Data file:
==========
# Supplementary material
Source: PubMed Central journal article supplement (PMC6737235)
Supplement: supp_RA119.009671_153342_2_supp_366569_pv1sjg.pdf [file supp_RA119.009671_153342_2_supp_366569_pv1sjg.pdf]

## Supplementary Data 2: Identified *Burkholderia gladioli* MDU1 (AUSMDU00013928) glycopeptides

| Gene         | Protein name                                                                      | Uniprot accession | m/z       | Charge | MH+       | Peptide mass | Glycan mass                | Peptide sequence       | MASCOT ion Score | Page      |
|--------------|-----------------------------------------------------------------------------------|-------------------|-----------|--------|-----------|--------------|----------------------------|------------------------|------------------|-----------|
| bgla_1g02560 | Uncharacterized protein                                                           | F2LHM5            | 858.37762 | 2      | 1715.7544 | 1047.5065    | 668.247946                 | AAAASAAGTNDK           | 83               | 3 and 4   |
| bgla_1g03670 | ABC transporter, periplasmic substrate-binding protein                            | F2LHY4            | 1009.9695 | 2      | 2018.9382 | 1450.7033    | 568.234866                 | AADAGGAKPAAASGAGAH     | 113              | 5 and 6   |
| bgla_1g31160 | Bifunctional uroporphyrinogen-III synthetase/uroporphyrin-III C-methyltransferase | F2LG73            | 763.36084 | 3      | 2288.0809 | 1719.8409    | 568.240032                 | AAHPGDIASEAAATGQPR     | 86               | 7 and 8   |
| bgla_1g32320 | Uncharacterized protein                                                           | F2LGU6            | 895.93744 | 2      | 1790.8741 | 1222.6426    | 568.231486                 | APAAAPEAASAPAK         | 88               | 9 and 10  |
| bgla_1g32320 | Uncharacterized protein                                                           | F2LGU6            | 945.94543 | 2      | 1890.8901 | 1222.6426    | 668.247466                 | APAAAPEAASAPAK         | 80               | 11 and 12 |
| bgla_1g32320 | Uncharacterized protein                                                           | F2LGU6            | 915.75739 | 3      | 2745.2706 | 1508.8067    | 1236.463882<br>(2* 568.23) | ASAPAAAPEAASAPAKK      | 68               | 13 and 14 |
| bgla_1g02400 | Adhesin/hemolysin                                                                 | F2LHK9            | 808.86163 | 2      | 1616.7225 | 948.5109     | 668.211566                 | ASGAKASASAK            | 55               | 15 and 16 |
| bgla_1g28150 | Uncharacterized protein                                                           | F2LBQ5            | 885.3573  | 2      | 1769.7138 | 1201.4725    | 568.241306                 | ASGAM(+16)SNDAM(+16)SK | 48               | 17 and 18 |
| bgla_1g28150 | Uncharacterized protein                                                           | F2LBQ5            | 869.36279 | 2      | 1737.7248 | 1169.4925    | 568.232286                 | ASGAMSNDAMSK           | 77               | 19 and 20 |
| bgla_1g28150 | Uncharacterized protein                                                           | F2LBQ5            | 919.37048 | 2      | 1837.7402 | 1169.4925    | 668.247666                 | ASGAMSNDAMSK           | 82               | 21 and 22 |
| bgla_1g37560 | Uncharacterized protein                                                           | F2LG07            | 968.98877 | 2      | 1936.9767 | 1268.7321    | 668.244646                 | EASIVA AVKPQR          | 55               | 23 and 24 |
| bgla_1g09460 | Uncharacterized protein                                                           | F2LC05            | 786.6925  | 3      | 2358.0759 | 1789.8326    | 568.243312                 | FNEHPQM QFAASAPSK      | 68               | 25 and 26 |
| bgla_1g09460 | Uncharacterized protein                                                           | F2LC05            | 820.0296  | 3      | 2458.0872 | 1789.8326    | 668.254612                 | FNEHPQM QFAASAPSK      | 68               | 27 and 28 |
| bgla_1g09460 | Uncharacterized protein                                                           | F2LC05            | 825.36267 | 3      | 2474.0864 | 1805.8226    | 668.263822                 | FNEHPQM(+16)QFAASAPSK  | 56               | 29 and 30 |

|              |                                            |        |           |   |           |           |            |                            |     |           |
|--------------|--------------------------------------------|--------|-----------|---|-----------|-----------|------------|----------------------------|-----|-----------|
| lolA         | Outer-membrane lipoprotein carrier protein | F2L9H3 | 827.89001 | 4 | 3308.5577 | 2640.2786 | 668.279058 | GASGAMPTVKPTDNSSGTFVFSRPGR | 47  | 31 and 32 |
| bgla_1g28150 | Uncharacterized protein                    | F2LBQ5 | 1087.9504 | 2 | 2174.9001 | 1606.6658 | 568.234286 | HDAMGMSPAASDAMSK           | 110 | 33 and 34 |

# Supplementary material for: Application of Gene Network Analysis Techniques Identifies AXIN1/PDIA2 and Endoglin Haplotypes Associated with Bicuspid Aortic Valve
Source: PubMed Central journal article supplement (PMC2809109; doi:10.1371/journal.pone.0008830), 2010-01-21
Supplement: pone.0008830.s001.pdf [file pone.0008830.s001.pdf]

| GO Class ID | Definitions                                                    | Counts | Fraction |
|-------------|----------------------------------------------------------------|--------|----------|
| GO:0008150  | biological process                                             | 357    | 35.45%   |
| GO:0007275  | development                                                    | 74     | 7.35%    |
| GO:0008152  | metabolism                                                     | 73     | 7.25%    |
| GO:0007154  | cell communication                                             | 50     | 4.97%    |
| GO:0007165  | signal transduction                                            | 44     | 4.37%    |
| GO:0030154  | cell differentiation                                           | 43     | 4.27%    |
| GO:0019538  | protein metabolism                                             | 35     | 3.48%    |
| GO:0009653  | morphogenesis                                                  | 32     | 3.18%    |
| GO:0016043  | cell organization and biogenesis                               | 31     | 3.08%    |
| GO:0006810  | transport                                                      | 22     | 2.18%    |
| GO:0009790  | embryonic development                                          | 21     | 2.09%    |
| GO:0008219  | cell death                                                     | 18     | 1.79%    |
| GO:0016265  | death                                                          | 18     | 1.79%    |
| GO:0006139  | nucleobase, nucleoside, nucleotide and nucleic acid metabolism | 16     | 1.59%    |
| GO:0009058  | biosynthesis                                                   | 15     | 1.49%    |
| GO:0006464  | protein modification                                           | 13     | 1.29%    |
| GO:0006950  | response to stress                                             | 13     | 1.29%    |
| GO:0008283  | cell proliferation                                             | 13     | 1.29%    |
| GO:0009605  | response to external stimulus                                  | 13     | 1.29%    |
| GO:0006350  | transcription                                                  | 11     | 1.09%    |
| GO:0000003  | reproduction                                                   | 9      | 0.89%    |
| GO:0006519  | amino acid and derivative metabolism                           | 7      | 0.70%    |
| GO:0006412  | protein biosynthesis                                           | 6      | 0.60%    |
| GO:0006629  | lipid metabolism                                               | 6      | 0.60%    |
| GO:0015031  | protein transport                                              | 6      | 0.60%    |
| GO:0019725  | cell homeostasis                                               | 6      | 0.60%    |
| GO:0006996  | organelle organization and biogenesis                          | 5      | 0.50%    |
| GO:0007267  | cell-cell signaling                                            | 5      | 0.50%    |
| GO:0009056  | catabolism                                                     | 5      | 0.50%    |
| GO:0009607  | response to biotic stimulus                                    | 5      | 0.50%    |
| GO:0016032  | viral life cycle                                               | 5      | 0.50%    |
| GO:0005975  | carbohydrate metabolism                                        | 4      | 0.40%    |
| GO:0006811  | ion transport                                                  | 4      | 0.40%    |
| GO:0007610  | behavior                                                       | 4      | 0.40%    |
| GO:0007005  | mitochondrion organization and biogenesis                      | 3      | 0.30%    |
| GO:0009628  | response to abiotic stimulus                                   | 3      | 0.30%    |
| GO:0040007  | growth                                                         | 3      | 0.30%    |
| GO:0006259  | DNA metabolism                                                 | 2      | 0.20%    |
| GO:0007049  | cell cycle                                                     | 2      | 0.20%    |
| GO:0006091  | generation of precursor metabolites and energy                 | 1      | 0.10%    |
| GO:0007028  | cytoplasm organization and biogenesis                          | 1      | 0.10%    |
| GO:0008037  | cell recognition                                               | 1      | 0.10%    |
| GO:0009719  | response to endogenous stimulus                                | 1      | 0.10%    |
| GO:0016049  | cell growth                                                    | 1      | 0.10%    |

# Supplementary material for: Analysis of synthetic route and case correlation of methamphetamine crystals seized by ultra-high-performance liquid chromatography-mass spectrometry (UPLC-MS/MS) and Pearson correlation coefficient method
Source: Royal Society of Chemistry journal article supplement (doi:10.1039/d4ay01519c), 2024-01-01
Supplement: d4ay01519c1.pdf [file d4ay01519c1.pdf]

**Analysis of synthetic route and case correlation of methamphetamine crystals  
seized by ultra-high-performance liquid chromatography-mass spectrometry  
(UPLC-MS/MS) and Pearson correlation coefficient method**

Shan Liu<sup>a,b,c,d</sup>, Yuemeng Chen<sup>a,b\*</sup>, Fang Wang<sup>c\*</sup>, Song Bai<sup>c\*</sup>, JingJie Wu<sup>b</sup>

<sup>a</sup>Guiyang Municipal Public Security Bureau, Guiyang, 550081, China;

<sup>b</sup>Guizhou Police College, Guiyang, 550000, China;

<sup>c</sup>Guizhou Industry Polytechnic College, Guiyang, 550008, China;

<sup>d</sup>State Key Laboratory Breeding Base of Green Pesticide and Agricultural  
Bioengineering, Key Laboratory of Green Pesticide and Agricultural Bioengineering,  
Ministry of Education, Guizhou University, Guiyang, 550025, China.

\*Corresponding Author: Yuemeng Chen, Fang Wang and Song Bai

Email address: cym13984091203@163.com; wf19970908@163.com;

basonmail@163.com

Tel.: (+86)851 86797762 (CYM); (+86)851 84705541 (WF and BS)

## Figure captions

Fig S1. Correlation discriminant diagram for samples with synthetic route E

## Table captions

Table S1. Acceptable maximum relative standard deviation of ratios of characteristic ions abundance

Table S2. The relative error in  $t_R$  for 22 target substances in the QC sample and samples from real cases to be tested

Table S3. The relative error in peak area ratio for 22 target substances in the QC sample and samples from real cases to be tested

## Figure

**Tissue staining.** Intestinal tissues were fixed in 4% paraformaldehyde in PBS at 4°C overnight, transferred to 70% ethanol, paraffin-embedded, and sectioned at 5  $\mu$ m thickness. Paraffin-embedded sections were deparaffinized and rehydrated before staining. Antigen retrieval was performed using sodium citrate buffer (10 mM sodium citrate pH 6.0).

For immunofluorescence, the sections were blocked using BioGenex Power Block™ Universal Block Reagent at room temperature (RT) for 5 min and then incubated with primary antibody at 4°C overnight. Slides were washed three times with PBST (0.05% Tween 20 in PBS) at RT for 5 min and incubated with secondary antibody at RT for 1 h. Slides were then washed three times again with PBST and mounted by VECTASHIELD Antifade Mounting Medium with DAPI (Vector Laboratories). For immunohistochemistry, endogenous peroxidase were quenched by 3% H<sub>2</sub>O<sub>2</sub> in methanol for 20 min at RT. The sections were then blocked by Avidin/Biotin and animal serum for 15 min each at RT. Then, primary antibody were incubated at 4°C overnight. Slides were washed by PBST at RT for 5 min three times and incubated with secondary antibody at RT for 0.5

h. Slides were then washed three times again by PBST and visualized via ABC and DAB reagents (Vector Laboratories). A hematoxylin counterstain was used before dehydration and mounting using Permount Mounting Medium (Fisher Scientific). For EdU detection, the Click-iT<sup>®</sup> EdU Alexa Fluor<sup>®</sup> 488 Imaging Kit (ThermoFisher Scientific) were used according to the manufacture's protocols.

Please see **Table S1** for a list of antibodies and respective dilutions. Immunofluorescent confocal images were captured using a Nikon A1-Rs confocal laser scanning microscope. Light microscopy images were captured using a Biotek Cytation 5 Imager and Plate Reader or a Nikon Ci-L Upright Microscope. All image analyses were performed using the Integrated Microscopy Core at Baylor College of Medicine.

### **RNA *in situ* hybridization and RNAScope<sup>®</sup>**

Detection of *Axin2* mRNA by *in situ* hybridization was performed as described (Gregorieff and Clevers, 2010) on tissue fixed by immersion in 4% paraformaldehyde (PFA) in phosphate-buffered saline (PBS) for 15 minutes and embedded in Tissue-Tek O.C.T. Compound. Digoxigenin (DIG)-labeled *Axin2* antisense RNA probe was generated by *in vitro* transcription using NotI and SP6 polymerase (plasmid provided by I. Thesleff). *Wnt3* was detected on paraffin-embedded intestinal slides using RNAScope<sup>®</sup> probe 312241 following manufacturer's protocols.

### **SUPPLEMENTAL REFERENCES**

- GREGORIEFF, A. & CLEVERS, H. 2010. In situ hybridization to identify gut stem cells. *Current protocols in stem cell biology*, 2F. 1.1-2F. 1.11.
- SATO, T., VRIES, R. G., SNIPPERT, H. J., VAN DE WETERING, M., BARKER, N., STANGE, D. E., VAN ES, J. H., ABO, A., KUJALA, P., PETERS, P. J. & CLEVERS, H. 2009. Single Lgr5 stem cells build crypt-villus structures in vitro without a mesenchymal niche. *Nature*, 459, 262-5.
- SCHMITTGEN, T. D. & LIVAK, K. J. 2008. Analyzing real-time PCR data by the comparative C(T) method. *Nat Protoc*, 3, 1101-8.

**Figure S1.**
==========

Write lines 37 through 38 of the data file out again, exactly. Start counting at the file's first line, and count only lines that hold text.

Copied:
| GO:0009653  | morphogenesis                                                  | 32     | 3.18%    |
| GO:0016043  | cell organization and biogenesis                               | 31     | 3.08%    |